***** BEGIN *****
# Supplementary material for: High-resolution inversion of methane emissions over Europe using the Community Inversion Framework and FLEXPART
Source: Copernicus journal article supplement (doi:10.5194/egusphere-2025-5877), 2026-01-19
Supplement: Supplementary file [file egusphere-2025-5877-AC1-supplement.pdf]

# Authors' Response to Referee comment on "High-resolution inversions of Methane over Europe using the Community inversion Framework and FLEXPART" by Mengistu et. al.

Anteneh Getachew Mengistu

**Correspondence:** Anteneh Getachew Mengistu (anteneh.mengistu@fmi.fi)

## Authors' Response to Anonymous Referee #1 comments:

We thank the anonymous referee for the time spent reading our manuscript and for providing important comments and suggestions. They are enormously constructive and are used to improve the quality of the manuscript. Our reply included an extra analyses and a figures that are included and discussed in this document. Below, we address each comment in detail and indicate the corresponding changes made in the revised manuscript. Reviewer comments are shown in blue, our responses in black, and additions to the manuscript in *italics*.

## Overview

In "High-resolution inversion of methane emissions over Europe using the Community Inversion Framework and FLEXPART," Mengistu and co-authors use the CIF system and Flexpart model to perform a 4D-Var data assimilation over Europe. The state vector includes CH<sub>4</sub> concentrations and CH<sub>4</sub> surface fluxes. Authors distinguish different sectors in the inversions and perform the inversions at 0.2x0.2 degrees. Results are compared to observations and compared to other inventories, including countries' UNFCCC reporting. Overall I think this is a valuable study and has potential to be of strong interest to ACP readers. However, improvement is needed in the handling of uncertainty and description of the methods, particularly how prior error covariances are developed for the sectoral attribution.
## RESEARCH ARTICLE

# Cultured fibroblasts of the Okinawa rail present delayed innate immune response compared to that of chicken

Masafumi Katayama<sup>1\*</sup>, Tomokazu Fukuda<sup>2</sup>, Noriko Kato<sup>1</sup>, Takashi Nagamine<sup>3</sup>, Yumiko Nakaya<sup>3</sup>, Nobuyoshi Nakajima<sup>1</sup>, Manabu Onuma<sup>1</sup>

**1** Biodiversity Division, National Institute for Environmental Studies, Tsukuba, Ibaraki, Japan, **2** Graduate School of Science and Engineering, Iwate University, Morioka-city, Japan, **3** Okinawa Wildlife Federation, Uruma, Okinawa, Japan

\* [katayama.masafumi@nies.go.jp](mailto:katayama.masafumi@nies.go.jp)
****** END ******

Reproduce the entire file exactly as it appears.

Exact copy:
# Supplementary material for: High-resolution inversion of methane emissions over Europe using the Community Inversion Framework and FLEXPART
Source: Copernicus journal article supplement (doi:10.5194/egusphere-2025-5877), 2026-01-19
Supplement: Supplementary file [file egusphere-2025-5877-AC1-supplement.pdf]

# Authors' Response to Referee comment on "High-resolution inversions of Methane over Europe using the Community inversion Framework and FLEXPART" by Mengistu et. al.

Anteneh Getachew Mengistu

**Correspondence:** Anteneh Getachew Mengistu (anteneh.mengistu@fmi.fi)

## Authors' Response to Anonymous Referee #1 comments:

We thank the anonymous referee for the time spent reading our manuscript and for providing important comments and suggestions. They are enormously constructive and are used to improve the quality of the manuscript. Our reply included an extra analyses and a figures that are included and discussed in this document. Below, we address each comment in detail and indicate the corresponding changes made in the revised manuscript. Reviewer comments are shown in blue, our responses in black, and additions to the manuscript in *italics*.

## Overview

In "High-resolution inversion of methane emissions over Europe using the Community Inversion Framework and FLEXPART," Mengistu and co-authors use the CIF system and Flexpart model to perform a 4D-Var data assimilation over Europe. The state vector includes CH<sub>4</sub> concentrations and CH<sub>4</sub> surface fluxes. Authors distinguish different sectors in the inversions and perform the inversions at 0.2x0.2 degrees. Results are compared to observations and compared to other inventories, including countries' UNFCCC reporting. Overall I think this is a valuable study and has potential to be of strong interest to ACP readers. However, improvement is needed in the handling of uncertainty and description of the methods, particularly how prior error covariances are developed for the sectoral attribution.
## RESEARCH ARTICLE

# Cultured fibroblasts of the Okinawa rail present delayed innate immune response compared to that of chicken

Masafumi Katayama<sup>1\*</sup>, Tomokazu Fukuda<sup>2</sup>, Noriko Kato<sup>1</sup>, Takashi Nagamine<sup>3</sup>, Yumiko Nakaya<sup>3</sup>, Nobuyoshi Nakajima<sup>1</sup>, Manabu Onuma<sup>1</sup>

**1** Biodiversity Division, National Institute for Environmental Studies, Tsukuba, Ibaraki, Japan, **2** Graduate School of Science and Engineering, Iwate University, Morioka-city, Japan, **3** Okinawa Wildlife Federation, Uruma, Okinawa, Japan

\* [katayama.masafumi@nies.go.jp](mailto:katayama.masafumi@nies.go.jp)